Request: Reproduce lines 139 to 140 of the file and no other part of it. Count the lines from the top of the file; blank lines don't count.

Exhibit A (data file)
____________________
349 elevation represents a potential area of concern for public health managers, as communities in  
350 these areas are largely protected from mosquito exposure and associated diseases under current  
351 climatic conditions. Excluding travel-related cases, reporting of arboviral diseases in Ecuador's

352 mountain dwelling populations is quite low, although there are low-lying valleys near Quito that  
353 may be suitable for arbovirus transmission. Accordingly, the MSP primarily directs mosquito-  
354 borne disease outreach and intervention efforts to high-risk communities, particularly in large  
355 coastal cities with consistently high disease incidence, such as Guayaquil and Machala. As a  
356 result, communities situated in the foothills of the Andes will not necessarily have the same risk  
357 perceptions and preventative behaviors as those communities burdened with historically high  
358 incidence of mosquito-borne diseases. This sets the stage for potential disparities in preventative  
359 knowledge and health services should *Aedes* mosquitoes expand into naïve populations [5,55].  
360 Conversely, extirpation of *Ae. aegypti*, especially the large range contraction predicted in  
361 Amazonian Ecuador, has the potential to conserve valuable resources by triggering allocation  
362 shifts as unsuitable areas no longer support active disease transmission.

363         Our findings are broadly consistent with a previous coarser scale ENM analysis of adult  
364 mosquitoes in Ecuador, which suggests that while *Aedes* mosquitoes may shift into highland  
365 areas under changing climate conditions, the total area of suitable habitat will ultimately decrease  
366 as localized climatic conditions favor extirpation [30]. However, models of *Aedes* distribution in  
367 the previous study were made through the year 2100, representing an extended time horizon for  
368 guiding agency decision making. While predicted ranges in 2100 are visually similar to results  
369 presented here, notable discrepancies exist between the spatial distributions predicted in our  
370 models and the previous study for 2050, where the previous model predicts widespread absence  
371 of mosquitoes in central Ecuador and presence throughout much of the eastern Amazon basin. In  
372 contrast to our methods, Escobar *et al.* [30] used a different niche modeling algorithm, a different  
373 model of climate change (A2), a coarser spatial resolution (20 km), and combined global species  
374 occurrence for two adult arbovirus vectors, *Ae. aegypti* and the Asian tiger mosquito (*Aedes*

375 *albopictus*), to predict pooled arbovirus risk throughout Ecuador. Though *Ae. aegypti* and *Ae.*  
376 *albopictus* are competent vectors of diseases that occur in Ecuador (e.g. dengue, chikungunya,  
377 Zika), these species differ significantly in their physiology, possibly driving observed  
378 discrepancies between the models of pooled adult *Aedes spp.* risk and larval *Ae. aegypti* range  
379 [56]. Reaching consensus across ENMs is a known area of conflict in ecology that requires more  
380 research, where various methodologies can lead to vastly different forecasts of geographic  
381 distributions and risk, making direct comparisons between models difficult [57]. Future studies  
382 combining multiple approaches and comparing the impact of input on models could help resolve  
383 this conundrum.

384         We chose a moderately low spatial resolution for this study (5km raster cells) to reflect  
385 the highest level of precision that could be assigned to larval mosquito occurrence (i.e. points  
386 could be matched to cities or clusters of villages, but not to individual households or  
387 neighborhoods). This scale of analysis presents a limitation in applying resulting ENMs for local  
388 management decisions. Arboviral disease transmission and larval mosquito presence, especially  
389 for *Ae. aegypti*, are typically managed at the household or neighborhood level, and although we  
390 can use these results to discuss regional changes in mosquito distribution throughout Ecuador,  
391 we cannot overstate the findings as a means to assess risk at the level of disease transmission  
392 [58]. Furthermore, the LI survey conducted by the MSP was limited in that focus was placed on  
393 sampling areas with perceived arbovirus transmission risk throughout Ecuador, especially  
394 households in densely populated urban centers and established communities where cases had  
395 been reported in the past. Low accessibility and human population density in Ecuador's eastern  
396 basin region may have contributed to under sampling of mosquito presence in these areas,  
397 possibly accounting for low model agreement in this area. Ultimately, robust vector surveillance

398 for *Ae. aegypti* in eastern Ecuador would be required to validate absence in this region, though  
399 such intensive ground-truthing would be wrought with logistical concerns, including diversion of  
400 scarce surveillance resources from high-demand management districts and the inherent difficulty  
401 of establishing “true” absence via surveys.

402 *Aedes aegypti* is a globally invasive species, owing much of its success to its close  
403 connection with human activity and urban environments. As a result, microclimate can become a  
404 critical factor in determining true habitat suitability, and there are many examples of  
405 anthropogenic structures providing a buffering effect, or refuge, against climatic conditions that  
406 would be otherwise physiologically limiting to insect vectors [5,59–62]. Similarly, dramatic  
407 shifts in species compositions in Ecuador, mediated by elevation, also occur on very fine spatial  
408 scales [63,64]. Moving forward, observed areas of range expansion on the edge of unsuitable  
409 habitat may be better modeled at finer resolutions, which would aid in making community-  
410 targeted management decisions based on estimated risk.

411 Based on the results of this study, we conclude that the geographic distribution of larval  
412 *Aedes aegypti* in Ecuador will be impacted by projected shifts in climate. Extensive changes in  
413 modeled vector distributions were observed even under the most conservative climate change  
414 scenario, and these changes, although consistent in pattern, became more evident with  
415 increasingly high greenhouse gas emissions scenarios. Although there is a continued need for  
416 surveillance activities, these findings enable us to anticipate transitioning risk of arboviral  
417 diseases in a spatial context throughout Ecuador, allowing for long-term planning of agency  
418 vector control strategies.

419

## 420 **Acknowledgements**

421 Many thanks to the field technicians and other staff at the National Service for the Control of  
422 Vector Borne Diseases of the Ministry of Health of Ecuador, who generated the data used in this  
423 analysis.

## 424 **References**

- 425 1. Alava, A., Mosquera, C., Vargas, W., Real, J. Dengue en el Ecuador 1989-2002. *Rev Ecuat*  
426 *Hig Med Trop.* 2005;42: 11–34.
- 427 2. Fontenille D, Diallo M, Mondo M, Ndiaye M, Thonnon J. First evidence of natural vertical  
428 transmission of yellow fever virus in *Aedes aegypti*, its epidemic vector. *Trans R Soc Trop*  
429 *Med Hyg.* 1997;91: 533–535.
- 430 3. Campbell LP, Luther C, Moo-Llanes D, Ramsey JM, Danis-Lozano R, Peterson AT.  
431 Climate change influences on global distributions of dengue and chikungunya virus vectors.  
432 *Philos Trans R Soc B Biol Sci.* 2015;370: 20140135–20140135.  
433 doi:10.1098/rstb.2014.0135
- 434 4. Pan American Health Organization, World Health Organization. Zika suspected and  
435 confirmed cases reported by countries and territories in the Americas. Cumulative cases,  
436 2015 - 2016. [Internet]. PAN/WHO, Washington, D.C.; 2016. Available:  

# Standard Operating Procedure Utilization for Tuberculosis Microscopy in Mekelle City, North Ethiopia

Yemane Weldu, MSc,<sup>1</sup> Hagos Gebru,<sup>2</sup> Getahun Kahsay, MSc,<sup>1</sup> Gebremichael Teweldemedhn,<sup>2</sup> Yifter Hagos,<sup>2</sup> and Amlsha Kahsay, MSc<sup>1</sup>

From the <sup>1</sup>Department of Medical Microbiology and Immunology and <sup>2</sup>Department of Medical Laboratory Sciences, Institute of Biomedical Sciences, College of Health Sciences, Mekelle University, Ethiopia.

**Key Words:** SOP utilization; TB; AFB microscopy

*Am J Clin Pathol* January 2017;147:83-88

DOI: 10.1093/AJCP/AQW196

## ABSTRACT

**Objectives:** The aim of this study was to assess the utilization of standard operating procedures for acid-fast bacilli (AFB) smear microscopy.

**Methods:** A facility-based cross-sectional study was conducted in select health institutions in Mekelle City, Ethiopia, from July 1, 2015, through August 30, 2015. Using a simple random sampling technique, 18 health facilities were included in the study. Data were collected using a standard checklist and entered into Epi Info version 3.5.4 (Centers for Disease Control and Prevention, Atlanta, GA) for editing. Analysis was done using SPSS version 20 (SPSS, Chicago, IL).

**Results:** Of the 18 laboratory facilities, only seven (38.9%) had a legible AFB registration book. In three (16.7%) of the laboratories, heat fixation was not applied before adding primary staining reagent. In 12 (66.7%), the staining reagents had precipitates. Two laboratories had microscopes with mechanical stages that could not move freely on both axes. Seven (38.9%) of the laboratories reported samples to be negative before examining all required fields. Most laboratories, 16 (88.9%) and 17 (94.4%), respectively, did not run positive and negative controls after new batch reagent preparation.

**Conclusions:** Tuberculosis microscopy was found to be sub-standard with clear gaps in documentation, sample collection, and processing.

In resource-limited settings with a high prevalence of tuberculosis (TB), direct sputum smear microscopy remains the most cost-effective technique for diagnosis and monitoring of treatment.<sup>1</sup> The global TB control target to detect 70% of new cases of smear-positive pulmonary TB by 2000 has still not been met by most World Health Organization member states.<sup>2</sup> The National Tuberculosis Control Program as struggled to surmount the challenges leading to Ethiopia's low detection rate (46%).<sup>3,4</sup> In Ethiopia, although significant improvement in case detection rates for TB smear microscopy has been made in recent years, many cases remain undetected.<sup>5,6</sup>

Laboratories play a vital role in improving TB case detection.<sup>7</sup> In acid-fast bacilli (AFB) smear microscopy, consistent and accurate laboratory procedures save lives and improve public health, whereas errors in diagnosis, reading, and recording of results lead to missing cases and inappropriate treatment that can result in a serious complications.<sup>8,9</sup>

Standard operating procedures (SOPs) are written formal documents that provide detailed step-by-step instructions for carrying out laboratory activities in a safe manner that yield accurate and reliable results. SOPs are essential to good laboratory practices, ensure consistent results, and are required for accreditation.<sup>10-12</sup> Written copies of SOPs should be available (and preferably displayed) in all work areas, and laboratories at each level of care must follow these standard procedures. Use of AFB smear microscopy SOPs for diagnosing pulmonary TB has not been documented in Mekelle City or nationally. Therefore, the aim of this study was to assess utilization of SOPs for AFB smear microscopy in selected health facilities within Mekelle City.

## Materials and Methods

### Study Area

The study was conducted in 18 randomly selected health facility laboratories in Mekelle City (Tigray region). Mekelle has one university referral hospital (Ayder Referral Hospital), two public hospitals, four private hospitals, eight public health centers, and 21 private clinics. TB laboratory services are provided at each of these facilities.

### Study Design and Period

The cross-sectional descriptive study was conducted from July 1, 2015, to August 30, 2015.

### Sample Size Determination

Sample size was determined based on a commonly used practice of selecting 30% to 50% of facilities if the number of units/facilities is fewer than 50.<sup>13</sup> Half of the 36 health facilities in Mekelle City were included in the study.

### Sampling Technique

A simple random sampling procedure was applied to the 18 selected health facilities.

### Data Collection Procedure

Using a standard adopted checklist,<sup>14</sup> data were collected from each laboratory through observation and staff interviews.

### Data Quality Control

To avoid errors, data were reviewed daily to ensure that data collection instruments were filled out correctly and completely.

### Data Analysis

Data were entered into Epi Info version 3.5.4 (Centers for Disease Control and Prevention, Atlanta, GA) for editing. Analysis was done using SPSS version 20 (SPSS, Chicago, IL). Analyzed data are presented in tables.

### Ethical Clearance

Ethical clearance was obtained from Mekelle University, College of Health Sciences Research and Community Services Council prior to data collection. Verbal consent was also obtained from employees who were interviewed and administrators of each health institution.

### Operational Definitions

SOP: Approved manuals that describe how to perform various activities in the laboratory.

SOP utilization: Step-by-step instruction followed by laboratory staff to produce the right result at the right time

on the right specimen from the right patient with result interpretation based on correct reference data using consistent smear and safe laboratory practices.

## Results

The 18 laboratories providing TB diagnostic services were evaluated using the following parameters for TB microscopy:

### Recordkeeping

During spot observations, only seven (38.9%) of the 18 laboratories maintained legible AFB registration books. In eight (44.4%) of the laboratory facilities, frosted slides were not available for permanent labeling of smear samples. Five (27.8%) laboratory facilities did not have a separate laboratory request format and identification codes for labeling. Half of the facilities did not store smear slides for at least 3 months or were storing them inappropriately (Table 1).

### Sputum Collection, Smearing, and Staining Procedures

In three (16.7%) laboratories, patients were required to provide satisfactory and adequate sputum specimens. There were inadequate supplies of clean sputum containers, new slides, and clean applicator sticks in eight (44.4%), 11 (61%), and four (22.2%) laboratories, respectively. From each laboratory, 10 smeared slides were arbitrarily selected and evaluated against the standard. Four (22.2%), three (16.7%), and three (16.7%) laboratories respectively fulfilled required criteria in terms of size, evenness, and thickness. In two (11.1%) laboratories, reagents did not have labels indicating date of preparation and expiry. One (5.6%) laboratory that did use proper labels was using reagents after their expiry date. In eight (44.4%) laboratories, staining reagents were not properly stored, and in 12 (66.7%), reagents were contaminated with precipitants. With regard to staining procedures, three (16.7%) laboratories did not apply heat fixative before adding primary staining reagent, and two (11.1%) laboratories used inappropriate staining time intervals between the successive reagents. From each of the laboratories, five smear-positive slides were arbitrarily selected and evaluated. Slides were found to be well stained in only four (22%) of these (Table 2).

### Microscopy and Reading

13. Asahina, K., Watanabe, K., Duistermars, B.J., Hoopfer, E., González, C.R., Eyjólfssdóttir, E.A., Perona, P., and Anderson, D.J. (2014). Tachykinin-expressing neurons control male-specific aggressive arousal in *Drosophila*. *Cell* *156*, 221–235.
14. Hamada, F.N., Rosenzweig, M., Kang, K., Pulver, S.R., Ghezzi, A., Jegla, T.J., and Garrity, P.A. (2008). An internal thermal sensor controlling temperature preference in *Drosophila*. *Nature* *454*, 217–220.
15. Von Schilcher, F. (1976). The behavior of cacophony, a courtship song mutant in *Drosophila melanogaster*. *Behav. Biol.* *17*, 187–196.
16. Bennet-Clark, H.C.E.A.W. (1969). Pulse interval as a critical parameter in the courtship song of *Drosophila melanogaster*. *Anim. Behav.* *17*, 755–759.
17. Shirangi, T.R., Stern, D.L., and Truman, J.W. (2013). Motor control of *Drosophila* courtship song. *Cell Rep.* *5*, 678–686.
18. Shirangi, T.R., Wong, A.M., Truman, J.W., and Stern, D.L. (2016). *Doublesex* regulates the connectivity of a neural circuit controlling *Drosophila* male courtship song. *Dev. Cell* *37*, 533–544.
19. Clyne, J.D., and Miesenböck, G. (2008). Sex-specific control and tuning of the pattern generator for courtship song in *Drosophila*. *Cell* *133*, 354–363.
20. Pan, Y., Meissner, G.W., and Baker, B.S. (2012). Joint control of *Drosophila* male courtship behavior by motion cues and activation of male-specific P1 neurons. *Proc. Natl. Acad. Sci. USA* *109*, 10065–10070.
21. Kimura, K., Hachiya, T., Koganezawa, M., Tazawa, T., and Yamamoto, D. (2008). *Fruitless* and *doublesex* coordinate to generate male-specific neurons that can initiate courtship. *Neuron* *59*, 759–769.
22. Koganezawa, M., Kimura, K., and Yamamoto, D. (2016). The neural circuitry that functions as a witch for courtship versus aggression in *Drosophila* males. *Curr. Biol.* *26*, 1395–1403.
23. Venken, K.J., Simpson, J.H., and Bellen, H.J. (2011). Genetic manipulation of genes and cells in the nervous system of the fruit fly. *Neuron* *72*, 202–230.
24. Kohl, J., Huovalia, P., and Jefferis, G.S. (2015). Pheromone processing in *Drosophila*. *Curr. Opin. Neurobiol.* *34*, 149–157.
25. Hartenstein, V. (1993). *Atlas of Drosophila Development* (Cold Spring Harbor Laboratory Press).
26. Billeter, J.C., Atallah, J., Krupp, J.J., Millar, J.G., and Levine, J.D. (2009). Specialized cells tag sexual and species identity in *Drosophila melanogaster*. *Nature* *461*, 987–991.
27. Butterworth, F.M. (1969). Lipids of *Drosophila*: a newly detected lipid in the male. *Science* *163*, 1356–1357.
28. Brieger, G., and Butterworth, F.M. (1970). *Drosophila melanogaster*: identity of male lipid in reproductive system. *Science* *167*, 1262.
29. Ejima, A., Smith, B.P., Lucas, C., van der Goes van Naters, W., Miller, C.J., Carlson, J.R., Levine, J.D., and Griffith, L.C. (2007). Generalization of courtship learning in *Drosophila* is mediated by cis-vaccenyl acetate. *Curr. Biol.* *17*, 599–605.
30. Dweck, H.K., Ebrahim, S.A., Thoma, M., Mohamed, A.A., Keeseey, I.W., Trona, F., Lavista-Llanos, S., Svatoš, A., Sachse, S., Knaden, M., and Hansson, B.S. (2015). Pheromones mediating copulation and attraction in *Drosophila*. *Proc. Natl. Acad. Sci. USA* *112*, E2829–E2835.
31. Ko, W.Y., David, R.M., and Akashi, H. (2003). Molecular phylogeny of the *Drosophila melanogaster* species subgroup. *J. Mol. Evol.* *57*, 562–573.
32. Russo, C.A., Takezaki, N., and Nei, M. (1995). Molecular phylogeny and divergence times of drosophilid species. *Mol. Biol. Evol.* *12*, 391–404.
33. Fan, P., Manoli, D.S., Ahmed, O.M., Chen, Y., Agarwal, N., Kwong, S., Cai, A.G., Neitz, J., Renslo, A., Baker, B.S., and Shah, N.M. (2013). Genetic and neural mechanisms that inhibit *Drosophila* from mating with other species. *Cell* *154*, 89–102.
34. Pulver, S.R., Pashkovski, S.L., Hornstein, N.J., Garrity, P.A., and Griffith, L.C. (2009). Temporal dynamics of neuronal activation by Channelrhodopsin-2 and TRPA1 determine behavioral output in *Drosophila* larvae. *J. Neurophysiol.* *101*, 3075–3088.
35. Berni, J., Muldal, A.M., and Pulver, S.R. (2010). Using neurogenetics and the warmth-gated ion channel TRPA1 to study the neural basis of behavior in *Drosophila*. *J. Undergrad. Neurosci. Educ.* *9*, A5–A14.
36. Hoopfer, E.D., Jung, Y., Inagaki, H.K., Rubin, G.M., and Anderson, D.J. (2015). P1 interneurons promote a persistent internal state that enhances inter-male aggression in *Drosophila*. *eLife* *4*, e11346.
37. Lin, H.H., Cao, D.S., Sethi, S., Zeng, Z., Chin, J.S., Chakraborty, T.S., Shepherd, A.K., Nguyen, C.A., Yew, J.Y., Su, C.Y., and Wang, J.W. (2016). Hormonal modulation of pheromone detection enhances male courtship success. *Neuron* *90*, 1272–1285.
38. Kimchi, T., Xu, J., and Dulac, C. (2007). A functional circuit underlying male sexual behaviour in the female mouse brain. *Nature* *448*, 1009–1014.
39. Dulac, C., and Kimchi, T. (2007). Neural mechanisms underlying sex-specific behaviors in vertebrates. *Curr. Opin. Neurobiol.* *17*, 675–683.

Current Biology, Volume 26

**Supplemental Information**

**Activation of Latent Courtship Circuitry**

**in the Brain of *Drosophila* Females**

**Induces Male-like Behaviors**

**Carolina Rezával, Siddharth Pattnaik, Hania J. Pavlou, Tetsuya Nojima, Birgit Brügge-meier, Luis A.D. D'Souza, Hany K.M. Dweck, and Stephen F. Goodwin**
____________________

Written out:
21. Kimura, K., Hachiya, T., Koganezawa, M., Tazawa, T., and Yamamoto, D. (2008). *Fruitless* and *doublesex* coordinate to generate male-specific neurons that can initiate courtship. *Neuron* *59*, 759–769.
22. Koganezawa, M., Kimura, K., and Yamamoto, D. (2016). The neural circuitry that functions as a witch for courtship versus aggression in *Drosophila* males. *Curr. Biol.* *26*, 1395–1403.